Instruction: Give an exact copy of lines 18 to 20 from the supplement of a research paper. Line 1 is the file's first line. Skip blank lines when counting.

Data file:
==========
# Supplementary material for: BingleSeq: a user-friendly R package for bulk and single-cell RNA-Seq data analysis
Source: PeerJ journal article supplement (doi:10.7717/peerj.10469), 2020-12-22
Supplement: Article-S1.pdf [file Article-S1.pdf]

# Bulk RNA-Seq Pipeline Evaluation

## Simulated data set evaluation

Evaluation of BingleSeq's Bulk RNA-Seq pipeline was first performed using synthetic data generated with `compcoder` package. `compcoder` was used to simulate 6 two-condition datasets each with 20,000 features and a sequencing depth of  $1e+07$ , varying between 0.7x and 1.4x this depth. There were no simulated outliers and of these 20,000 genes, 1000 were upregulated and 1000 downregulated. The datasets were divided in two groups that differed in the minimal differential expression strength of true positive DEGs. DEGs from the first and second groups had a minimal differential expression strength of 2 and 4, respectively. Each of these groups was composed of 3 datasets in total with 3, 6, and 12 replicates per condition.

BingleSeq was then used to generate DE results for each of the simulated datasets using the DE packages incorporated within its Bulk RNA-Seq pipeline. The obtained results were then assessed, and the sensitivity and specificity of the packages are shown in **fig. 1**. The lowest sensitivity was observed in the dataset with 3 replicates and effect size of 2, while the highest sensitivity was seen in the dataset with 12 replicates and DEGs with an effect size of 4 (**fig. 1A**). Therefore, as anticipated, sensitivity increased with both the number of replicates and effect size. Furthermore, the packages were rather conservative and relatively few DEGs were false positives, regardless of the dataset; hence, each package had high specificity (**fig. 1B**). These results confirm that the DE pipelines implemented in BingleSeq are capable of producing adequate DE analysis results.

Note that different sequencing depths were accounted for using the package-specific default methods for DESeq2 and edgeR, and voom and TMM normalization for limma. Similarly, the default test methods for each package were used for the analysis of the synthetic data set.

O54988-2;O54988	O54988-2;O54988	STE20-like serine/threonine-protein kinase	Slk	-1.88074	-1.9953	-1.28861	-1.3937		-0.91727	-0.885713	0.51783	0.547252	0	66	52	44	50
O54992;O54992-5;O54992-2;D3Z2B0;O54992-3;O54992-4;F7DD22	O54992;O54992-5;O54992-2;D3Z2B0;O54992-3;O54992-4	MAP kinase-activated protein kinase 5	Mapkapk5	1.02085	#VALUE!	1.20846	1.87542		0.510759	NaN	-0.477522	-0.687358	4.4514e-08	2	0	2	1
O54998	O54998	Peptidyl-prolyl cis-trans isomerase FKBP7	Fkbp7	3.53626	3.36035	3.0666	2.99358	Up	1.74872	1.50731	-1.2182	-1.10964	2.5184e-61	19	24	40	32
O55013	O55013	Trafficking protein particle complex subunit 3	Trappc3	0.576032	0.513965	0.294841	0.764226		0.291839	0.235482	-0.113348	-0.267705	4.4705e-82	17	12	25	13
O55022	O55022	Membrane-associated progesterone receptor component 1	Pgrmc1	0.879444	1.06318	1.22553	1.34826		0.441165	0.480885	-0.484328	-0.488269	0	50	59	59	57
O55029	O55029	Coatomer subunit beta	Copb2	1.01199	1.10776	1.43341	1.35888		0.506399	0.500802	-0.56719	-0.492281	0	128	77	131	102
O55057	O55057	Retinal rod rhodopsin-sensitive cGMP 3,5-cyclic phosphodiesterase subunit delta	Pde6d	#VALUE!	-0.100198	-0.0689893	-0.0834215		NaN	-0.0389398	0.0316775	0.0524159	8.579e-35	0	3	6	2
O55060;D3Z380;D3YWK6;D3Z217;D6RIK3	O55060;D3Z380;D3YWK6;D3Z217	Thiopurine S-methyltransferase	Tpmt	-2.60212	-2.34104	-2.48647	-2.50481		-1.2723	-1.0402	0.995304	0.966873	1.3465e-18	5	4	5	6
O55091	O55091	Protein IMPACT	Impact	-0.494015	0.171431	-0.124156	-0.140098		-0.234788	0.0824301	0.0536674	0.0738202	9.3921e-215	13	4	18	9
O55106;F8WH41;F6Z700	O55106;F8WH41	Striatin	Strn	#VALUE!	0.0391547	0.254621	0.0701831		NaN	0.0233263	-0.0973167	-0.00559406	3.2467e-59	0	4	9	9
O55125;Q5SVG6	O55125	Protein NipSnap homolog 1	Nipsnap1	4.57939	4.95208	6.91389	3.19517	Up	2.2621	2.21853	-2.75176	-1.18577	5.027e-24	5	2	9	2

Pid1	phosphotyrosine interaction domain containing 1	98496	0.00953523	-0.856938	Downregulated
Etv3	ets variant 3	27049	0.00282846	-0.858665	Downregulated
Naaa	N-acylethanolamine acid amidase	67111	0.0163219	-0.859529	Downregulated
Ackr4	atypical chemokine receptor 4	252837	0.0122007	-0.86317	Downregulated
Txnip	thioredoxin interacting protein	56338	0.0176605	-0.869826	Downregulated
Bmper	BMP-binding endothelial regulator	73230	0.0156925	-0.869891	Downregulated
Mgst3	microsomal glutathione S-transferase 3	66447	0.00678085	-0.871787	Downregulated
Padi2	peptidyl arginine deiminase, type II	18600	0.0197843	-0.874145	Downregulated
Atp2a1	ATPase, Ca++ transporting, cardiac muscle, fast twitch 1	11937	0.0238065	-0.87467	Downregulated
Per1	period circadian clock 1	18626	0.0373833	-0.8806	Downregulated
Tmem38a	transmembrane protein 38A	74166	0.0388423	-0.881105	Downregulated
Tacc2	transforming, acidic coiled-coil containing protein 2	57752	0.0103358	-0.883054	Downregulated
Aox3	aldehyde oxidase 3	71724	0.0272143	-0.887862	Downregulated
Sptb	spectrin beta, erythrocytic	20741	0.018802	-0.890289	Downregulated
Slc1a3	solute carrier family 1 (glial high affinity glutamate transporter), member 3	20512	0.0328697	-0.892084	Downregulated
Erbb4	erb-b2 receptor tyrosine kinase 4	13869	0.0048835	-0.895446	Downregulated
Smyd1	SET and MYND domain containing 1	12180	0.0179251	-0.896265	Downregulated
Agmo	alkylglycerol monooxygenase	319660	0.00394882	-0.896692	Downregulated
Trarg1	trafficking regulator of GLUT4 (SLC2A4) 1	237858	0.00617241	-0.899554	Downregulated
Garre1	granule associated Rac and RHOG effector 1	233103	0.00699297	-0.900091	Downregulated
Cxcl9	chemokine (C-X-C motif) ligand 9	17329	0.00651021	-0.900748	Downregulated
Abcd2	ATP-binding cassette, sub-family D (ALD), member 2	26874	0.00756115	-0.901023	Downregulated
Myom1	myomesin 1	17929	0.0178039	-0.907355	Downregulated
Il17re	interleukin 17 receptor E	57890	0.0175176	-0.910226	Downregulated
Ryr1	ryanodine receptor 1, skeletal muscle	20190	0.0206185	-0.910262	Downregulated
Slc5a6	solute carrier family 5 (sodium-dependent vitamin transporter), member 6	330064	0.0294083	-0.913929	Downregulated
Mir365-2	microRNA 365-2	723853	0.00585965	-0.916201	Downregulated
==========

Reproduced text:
O55106;F8WH41;F6Z700	O55106;F8WH41	Striatin	Strn	#VALUE!	0.0391547	0.254621	0.0701831		NaN	0.0233263	-0.0973167	-0.00559406	3.2467e-59	0	4	9	9
O55125;Q5SVG6	O55125	Protein NipSnap homolog 1	Nipsnap1	4.57939	4.95208	6.91389	3.19517	Up	2.2621	2.21853	-2.75176	-1.18577	5.027e-24	5	2	9	2

Pid1	phosphotyrosine interaction domain containing 1	98496	0.00953523	-0.856938	Downregulated